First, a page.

KABUL, Afghanistan — A 39-second video purporting to show Marines urinating on dead bodies in Afghanistan is straining U.S.-Afghan relations but is not expected to undo months of work aimed at brokering peace with the Taliban.
The images have not sparked widespread anti-U.S. protests and Afghan officials say one battlefield abuse cannot derail the peace process, which has gained momentum in recent months with news that the Taliban will open a political office in Qatar.
U.S. military officials have sternly condemned the alleged acts of four Marines who appear to be desecrating the bodies of three men lying in the dirt. On the video, which appeared on YouTube on Wednesday, one of the men looks down at the bodies and gleefully quips, "Have a good day, buddy."
The video emerged at a delicate time in relations among the United States, Afghanistan's elected government and the Taliban insurgency. The U.S. is trying to foster peace talks between President Hamid Karzai's government and the Taliban. Recent statements by senior U.S. and Taliban officials suggest the possibility of some trust-building measures in the near future, such as the opening of the Taliban office and the transfer of some Taliban detainees out of the U.S. prison in Guantanamo Bay, Cuba.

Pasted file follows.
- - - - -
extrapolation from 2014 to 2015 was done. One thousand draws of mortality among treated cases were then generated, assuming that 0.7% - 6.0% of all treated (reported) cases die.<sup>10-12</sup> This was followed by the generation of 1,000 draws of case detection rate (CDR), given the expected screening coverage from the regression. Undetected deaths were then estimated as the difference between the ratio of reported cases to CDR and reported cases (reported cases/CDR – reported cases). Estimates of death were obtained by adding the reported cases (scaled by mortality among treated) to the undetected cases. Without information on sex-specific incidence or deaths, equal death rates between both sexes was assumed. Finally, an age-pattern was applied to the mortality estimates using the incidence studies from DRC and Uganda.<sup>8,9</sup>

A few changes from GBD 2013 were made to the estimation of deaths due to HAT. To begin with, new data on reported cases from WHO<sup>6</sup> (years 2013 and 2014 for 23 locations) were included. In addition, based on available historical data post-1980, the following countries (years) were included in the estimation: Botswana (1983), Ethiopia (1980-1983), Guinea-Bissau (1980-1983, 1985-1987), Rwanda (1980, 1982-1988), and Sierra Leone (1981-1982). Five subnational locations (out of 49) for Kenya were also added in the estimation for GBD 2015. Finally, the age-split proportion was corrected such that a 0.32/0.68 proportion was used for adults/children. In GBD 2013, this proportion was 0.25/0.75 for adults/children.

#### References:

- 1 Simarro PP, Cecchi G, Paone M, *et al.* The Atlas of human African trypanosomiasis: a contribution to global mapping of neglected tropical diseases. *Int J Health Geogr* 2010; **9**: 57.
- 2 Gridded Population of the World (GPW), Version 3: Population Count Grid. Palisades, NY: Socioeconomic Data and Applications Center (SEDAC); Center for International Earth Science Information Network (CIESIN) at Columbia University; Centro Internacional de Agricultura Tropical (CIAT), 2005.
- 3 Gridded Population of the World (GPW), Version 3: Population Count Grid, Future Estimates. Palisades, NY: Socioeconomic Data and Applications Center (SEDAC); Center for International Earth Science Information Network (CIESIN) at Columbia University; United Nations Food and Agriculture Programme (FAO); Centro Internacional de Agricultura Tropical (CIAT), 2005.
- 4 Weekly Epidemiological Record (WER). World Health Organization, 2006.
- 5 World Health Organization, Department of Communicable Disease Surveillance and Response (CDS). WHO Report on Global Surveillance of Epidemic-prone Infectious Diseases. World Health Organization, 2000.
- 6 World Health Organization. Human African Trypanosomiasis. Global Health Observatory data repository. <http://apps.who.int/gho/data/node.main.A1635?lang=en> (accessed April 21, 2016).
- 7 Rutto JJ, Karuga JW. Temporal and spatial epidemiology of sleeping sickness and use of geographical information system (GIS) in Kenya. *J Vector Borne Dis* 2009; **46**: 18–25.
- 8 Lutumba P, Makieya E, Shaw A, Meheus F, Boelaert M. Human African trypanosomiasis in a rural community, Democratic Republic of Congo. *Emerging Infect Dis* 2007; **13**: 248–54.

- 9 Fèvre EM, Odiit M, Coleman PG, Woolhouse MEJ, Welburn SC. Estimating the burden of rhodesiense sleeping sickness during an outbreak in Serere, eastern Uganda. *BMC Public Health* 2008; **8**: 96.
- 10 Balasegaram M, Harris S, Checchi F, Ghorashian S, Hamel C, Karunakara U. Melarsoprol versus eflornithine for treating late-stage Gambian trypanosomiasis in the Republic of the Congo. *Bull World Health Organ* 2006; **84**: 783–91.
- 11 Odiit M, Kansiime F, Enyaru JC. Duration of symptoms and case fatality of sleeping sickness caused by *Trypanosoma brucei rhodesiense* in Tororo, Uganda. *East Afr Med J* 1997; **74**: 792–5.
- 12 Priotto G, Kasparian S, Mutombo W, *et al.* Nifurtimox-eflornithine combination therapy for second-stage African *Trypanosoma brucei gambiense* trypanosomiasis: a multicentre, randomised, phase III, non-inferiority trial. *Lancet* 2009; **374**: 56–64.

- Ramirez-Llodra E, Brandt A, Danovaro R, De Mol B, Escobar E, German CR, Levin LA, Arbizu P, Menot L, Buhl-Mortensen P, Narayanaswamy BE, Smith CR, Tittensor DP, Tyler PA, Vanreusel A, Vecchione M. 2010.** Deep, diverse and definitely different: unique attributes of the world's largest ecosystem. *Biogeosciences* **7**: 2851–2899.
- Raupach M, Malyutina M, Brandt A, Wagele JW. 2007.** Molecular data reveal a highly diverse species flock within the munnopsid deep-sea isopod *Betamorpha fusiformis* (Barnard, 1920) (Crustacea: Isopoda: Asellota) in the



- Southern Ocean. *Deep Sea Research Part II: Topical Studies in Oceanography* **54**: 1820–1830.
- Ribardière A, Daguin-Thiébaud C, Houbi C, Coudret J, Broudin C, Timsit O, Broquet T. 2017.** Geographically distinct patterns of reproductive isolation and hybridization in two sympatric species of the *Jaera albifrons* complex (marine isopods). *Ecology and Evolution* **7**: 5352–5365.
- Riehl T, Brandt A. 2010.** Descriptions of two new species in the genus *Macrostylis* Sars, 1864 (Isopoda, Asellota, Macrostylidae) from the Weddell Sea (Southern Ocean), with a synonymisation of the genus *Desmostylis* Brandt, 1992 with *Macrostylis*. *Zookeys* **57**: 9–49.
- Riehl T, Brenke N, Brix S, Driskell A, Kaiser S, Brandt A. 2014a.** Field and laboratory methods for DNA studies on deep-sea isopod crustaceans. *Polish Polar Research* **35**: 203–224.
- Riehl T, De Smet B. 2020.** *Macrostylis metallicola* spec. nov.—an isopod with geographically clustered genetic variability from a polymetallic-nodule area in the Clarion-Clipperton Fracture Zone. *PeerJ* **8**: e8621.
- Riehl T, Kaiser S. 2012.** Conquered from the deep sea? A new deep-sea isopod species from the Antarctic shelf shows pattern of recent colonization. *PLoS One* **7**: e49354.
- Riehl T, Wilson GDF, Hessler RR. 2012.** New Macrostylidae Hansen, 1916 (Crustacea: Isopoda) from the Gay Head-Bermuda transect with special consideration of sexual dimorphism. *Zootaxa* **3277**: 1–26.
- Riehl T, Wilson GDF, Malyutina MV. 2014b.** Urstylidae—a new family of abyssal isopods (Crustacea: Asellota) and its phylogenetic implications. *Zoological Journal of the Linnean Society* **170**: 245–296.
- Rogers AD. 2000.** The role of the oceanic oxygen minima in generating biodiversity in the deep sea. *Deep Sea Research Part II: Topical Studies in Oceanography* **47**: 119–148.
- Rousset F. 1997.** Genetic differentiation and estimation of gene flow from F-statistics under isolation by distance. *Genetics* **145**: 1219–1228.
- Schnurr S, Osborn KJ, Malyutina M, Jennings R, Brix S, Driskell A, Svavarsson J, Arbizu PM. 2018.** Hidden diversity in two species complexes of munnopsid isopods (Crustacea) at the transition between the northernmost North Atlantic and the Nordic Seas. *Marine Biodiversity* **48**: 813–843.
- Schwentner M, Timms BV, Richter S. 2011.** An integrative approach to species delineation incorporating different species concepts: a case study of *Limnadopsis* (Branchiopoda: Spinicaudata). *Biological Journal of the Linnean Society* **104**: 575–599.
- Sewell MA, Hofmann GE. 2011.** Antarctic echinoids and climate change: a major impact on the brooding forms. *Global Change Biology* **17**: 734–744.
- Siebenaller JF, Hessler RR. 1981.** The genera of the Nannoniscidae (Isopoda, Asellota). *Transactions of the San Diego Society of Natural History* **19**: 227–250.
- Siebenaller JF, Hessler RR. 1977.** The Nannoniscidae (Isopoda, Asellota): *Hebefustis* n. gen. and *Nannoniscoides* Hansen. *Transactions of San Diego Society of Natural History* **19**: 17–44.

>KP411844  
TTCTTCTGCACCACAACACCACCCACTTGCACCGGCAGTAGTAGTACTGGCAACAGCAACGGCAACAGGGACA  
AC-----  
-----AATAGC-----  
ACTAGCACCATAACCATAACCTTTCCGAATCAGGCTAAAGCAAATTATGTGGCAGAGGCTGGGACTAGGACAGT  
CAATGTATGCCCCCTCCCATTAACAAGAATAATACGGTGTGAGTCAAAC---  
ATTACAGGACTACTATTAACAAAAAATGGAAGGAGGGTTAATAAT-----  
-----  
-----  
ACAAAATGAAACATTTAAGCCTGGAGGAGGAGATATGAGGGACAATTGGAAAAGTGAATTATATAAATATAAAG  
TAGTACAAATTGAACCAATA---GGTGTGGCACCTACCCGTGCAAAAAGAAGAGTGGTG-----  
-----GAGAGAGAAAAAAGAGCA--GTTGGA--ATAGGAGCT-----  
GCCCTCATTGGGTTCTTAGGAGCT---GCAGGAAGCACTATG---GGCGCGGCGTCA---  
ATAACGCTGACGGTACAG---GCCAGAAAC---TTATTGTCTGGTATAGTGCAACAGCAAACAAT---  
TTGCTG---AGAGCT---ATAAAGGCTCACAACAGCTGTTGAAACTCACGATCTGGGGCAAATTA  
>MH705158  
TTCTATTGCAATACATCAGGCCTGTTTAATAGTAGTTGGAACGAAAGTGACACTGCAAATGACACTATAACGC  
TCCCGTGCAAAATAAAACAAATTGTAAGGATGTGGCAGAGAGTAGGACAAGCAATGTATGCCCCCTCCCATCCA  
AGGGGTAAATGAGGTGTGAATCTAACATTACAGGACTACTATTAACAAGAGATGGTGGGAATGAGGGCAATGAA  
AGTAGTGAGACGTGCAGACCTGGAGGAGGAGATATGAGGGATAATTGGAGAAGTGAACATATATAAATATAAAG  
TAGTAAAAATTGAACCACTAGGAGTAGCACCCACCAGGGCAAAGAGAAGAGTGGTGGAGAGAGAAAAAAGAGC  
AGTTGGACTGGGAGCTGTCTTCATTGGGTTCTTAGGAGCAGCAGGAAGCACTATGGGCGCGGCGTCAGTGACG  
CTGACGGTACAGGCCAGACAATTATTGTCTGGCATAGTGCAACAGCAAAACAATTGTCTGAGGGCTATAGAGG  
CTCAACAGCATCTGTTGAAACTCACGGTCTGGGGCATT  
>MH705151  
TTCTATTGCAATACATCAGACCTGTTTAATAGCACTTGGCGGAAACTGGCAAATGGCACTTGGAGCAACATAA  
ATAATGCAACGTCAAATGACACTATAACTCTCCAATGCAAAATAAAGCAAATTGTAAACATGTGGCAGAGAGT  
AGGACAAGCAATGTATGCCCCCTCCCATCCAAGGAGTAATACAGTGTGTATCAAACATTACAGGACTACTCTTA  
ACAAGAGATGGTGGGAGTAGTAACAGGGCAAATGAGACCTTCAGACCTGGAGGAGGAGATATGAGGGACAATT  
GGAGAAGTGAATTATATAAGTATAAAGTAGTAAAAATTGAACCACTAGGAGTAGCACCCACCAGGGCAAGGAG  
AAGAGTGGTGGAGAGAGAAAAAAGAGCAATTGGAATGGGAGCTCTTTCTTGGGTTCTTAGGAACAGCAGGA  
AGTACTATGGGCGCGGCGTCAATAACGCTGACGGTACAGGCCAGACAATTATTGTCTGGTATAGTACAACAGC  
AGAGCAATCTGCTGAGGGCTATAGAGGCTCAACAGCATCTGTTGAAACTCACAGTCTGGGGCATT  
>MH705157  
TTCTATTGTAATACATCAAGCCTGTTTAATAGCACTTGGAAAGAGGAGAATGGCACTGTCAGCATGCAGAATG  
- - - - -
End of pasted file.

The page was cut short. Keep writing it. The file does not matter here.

Relations with Karzai have been shaky, and the two nations have yet to sign a long-term partnership agreement that will govern the presence of U.S. troops in the country after 2014 when most foreign troops will have gone home or moved into support roles.